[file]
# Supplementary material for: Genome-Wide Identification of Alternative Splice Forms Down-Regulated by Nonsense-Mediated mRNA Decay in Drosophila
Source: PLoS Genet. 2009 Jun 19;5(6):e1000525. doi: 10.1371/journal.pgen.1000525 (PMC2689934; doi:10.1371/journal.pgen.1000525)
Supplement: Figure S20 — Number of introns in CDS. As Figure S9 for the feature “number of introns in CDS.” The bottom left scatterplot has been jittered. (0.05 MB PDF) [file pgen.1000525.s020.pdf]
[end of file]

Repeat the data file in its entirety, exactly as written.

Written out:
# Supplementary material for: Genome-Wide Identification of Alternative Splice Forms Down-Regulated by Nonsense-Mediated mRNA Decay in Drosophila
Source: PLoS Genet. 2009 Jun 19;5(6):e1000525. doi: 10.1371/journal.pgen.1000525 (PMC2689934; doi:10.1371/journal.pgen.1000525)
Supplement: Figure S20 — Number of introns in CDS. As Figure S9 for the feature “number of introns in CDS.” The bottom left scatterplot has been jittered. (0.05 MB PDF) [file pgen.1000525.s020.pdf]